Scientists from Deakin University found that eating an egg every day in winter can help keep your vitamin D levels up.
Vitamin D is a fat-soluble vitamin that has long been known to help the body absorb and retain calcium and phosphorus; both are critical for building bone.
Also, previous studies showed that vitamin D can reduce cancer cell growth, help control infections and reduce inflammation.
Vitamin D supplements are available in two forms: vitamin D2 (“ergocalciferol” or pre-vitamin D) and vitamin D3 (“cholecalciferol”).
Few foods naturally contain vitamin D, but some foods are fortified with the vitamin. For many people, the best way to get enough vitamin D is by taking a supplement.
Vitamin D also can be produced in the presence of the sun’s ultraviolet-B (UVB) rays, and vitamin D deficiency is a common health concern during winter.
Eggs are one of the few rich dietary sources of vitamin D, containing cholecalciferol (vitamin D-3) and 25-hydroxyvitamin D-3.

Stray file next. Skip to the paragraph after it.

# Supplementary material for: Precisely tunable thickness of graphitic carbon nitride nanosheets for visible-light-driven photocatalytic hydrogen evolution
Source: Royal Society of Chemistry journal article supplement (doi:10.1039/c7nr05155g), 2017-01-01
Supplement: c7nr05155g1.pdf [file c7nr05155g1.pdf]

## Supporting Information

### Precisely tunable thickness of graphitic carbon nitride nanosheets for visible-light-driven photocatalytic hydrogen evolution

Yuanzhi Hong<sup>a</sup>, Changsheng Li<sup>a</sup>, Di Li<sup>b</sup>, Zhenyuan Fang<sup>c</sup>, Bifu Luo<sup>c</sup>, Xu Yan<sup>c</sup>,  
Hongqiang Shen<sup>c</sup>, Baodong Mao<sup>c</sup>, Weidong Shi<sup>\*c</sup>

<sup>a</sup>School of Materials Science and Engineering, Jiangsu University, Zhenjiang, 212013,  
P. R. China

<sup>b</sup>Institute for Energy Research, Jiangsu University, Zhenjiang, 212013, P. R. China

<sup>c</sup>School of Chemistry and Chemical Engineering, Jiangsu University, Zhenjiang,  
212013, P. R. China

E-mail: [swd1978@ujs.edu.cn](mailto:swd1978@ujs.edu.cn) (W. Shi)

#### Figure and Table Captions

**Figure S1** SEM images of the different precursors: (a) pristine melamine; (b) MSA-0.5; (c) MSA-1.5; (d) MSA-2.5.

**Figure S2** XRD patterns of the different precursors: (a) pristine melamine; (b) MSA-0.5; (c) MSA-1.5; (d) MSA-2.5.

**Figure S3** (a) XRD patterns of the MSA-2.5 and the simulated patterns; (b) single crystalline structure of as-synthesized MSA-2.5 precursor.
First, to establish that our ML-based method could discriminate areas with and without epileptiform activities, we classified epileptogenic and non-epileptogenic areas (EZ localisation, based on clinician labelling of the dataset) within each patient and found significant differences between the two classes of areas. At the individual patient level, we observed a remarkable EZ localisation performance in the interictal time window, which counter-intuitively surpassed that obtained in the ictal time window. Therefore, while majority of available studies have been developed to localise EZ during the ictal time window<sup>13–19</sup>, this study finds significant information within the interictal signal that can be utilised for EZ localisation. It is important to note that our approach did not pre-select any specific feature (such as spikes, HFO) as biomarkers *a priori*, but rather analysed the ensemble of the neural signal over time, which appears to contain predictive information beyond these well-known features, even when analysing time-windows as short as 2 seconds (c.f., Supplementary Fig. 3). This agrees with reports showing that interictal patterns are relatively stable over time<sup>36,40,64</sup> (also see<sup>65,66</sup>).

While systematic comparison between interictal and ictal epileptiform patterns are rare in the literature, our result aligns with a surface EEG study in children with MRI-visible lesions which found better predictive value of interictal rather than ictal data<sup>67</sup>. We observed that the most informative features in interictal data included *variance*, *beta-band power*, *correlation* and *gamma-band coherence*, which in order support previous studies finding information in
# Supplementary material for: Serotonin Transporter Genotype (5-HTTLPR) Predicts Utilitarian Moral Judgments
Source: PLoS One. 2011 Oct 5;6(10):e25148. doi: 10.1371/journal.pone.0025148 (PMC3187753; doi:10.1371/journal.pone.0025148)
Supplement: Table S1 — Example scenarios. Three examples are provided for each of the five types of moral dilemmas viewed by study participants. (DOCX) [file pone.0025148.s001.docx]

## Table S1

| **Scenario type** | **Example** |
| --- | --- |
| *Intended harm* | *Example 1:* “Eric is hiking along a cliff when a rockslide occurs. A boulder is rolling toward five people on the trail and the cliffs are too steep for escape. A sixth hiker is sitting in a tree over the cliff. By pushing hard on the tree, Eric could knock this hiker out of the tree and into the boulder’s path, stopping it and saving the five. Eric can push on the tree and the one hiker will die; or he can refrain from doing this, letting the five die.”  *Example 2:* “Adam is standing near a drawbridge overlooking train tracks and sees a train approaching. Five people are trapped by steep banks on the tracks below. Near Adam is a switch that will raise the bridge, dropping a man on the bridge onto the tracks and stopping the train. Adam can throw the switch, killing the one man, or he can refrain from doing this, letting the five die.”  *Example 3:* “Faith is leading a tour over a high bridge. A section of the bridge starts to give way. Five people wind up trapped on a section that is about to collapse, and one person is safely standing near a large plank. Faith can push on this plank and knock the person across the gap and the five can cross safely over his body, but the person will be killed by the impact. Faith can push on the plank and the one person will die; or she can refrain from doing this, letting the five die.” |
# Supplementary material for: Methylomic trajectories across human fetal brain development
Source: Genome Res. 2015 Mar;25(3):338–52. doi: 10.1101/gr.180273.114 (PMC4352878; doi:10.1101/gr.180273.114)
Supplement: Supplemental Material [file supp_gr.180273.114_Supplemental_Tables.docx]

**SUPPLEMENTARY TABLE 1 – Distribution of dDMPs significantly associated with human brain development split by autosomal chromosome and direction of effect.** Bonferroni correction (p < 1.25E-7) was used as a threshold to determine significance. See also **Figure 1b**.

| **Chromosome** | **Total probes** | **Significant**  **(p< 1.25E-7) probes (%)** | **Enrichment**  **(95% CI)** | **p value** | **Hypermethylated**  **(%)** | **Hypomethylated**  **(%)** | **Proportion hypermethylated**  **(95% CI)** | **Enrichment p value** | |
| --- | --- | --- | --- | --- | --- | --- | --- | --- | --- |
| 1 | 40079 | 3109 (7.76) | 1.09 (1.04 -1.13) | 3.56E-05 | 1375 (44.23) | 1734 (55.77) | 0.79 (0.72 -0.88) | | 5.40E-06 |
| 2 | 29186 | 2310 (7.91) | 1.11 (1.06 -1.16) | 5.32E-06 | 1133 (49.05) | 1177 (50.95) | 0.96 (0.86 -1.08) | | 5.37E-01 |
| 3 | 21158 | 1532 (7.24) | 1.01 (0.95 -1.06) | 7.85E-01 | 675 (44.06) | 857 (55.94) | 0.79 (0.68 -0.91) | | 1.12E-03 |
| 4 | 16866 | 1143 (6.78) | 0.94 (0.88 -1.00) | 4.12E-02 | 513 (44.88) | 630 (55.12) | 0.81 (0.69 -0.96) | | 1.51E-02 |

The latter has been reported to be 5 times more effective at increasing vitamin D levels in the body.
However, whether there is an optimal dose of eggs to increase or maintain a healthy vitamin D level during wintertime is not known.
In the current study, researchers aimed to examine how eating 2, 7, or 12 commercially available eggs per week can affect vitamin D levels in the body during the autumn-winter months in young adults.
In the 12-week study, 51 adults aged 25-40 years were assigned to eat 2 eggs/week, 7 eggs/week, or 12 eggs/week.
The team examined the change in the vitamin D level in the body. Forty-two (82%) participants completed the study.
The researchers found vitamin D levels in the body did not change strongly in either the 7-eggs/week or 12-eggs/week groups but strongly decreased in the 2-eggs/week group.
This led to a strong between-group difference after 12 weeks. People overall felt positive to eat eggs in all three groups.
Based on the findings, the team suggests that eating 7 commercially available eggs per week for 12 weeks is effective for preventing the wintertime decline in vitamin D levels in the body.
Future work needs to see if the benefit exists in older adults.
The research was published in The Journal of Nutrition and conducted by Professor Robin Daly et al.
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